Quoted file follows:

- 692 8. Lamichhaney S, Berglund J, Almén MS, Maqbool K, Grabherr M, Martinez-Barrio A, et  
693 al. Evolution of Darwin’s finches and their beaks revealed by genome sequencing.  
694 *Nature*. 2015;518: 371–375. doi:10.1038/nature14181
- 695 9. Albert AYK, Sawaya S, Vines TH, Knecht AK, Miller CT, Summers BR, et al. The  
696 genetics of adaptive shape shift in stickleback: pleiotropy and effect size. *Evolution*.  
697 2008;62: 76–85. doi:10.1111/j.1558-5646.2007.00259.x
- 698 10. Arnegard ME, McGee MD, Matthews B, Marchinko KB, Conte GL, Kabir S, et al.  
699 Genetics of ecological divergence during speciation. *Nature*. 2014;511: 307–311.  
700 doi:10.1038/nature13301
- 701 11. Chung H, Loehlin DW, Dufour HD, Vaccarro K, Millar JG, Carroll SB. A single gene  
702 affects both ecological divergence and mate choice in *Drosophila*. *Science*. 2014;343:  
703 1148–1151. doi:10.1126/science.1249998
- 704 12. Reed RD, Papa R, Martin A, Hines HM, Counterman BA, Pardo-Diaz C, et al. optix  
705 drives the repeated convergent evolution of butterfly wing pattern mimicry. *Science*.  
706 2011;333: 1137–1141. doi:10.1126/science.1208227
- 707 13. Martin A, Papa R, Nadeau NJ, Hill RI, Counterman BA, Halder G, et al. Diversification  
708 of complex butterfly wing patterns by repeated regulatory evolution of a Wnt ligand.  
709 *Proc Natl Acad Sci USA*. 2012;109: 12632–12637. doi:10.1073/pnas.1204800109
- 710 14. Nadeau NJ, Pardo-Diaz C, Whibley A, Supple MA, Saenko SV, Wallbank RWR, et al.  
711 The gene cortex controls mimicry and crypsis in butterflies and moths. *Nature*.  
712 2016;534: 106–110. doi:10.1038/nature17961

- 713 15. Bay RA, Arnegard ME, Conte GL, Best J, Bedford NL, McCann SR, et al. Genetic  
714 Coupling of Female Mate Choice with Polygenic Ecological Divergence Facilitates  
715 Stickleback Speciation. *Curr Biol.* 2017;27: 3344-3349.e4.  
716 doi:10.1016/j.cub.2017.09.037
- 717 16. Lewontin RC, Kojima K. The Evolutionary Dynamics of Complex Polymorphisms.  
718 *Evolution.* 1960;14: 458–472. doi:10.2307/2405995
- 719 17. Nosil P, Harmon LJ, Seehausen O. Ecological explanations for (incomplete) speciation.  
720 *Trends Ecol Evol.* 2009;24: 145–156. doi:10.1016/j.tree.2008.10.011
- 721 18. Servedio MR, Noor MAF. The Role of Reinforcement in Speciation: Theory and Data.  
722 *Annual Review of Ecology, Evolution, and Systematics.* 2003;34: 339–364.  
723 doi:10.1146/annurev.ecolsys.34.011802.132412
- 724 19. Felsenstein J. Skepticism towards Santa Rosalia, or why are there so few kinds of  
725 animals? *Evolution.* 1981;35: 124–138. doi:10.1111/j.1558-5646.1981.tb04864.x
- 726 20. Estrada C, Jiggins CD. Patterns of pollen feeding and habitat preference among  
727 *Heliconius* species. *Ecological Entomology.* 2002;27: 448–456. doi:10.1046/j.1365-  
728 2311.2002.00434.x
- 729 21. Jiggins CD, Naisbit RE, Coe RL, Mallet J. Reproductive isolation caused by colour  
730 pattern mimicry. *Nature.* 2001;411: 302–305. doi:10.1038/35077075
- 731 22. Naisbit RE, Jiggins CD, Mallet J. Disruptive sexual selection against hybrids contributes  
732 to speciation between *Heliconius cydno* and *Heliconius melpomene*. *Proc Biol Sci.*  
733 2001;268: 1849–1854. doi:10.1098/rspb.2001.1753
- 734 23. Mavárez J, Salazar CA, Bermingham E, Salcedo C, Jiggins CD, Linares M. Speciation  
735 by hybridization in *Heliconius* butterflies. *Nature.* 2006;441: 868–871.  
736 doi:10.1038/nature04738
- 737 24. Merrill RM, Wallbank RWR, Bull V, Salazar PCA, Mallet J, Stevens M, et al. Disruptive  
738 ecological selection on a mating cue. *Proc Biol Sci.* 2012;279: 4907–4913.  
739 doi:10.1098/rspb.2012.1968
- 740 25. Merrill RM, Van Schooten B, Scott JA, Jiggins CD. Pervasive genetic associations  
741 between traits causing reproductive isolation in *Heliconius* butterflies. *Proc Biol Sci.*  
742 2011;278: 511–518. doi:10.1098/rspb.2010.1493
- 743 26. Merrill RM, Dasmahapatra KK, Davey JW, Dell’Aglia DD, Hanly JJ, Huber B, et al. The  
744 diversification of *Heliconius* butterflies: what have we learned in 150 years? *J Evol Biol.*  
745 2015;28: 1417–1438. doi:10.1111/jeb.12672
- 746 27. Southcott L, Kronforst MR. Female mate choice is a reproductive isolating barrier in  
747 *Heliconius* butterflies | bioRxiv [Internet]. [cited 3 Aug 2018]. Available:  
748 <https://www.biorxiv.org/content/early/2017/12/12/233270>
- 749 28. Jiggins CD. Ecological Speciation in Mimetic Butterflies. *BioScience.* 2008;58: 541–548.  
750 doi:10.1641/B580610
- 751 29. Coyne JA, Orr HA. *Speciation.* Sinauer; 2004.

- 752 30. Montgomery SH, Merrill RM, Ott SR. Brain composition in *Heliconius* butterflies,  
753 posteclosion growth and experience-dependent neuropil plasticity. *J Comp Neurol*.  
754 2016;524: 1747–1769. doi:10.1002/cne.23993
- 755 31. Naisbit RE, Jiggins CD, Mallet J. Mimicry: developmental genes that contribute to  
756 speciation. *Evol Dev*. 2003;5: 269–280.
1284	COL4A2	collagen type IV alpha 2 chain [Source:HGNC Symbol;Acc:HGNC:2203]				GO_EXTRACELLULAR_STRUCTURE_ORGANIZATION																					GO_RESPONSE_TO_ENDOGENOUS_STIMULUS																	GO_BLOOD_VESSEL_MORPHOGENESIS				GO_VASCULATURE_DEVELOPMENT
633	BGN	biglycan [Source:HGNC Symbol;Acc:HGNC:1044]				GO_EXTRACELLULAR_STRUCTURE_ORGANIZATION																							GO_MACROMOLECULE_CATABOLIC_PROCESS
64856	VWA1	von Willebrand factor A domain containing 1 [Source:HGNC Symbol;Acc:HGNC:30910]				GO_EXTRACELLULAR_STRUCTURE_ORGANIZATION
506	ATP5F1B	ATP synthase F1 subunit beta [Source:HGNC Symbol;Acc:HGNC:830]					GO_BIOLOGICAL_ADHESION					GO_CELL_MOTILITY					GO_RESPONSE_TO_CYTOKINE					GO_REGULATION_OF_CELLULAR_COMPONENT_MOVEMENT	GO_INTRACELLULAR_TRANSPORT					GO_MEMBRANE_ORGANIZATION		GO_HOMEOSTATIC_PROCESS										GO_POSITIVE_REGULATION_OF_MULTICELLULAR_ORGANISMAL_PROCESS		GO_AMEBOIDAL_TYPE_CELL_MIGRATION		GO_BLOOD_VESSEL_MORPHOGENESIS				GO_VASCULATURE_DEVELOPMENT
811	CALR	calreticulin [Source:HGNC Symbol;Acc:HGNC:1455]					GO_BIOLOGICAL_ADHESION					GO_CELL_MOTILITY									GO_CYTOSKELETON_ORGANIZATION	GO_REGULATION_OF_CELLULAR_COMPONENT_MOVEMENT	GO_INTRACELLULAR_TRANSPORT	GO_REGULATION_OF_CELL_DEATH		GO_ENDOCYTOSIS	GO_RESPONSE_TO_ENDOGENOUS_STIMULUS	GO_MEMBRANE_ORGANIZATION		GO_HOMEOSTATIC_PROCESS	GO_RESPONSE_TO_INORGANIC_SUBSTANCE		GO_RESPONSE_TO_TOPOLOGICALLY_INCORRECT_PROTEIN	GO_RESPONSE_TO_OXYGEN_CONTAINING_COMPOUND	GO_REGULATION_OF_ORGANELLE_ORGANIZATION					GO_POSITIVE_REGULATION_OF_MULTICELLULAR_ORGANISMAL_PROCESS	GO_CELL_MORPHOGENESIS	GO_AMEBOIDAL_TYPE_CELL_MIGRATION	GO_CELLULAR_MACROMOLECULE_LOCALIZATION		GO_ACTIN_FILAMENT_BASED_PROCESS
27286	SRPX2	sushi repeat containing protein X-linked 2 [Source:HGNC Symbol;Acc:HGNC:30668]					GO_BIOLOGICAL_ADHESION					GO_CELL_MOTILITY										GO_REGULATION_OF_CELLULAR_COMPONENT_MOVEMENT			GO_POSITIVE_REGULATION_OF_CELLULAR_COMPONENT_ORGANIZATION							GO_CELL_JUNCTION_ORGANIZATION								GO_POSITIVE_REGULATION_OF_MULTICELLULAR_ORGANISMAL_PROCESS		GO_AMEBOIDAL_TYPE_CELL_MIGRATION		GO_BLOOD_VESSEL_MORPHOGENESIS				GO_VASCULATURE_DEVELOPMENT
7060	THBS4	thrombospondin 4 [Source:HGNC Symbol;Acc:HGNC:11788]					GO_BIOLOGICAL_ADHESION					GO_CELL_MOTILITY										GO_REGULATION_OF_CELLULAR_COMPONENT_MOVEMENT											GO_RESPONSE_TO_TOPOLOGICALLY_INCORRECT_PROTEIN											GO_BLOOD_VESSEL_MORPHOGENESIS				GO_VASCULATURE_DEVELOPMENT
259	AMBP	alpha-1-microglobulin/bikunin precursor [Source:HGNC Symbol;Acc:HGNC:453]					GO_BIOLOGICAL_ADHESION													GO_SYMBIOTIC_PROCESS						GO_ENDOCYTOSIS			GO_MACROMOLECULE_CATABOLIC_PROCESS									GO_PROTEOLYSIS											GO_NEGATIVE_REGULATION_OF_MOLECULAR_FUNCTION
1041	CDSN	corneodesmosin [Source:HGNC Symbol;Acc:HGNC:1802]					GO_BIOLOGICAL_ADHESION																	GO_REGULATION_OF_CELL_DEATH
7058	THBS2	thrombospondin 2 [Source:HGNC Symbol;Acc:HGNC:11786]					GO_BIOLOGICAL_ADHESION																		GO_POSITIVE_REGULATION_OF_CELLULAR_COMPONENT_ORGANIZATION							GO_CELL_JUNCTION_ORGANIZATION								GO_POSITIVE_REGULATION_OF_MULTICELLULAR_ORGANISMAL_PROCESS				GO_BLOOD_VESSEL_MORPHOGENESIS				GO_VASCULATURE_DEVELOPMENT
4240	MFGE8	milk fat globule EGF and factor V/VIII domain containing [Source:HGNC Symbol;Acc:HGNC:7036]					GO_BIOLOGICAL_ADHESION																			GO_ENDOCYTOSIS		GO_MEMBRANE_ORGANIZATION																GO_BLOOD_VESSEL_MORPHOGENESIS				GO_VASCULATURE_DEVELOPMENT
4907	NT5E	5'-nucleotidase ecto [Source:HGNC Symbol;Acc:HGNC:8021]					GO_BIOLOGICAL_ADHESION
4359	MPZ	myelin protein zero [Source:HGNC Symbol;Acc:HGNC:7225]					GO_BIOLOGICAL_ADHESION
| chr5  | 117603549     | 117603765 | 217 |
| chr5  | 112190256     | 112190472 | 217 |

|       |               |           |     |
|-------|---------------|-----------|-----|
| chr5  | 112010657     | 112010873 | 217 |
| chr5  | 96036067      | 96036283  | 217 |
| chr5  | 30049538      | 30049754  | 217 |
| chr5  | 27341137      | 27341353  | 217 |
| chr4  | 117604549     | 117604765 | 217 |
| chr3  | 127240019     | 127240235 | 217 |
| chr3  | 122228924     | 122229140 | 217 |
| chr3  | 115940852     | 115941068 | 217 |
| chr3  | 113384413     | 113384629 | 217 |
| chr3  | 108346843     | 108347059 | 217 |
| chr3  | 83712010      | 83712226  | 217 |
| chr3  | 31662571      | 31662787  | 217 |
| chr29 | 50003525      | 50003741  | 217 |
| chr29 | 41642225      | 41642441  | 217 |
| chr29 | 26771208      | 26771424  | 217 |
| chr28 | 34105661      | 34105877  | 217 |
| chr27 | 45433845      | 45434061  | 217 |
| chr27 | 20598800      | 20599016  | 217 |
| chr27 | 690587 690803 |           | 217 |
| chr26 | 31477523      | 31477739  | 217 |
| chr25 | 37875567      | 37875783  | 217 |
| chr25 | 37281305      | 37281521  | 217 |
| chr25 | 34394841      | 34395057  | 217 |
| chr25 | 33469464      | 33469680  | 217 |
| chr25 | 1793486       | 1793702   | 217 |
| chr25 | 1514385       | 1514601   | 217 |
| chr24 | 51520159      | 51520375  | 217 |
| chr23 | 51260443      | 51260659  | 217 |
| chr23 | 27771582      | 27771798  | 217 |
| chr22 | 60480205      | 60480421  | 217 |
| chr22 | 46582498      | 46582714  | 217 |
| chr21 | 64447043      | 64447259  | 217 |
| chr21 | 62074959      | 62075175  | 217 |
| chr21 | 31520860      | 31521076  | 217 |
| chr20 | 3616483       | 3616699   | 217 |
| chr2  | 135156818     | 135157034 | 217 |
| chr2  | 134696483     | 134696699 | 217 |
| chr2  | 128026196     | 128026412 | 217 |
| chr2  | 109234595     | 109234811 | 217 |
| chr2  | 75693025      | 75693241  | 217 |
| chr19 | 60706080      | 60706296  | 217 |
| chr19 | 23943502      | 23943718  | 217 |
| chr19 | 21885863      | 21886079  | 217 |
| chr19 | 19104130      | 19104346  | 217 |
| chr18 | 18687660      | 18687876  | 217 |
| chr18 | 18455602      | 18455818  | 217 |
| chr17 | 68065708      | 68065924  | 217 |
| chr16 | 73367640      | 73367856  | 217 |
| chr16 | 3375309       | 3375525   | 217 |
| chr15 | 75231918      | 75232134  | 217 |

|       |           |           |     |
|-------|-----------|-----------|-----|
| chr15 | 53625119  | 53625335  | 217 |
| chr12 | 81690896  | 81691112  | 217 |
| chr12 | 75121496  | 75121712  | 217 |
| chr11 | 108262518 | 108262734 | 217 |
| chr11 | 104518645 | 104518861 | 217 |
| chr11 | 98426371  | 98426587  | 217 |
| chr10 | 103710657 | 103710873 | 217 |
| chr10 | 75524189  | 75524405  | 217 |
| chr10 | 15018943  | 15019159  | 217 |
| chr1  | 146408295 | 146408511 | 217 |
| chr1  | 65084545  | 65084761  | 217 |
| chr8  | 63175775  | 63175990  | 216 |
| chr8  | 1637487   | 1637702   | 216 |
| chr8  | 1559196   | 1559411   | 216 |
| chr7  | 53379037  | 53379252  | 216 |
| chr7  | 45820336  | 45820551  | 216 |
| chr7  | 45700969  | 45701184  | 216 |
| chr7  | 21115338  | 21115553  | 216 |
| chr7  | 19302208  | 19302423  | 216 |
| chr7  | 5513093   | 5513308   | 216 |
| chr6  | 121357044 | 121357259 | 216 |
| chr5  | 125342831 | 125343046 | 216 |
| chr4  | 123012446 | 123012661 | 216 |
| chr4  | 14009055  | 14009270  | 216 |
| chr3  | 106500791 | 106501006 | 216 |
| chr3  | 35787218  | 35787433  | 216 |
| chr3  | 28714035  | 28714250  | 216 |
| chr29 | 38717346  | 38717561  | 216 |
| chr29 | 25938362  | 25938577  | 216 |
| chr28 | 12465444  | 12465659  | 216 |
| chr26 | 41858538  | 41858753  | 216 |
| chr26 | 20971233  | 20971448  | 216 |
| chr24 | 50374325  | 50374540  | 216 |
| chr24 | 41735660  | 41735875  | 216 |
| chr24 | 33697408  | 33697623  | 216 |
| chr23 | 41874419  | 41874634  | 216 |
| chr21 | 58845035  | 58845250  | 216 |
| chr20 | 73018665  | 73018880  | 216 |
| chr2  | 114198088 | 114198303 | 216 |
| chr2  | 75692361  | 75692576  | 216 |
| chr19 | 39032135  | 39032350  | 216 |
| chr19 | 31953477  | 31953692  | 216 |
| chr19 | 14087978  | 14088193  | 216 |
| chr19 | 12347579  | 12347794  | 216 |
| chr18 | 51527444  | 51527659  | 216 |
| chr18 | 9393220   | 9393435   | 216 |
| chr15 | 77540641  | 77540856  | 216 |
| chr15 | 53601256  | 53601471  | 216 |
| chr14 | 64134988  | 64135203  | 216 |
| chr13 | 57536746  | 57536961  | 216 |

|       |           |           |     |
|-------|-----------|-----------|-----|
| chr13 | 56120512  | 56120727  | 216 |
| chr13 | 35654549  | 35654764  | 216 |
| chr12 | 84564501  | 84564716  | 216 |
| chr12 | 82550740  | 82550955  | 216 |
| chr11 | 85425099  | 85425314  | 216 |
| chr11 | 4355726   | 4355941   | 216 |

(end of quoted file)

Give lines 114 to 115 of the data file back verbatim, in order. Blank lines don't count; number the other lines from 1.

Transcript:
| chr21 | 64447043      | 64447259  | 217 |
| chr21 | 62074959      | 62075175  | 217 |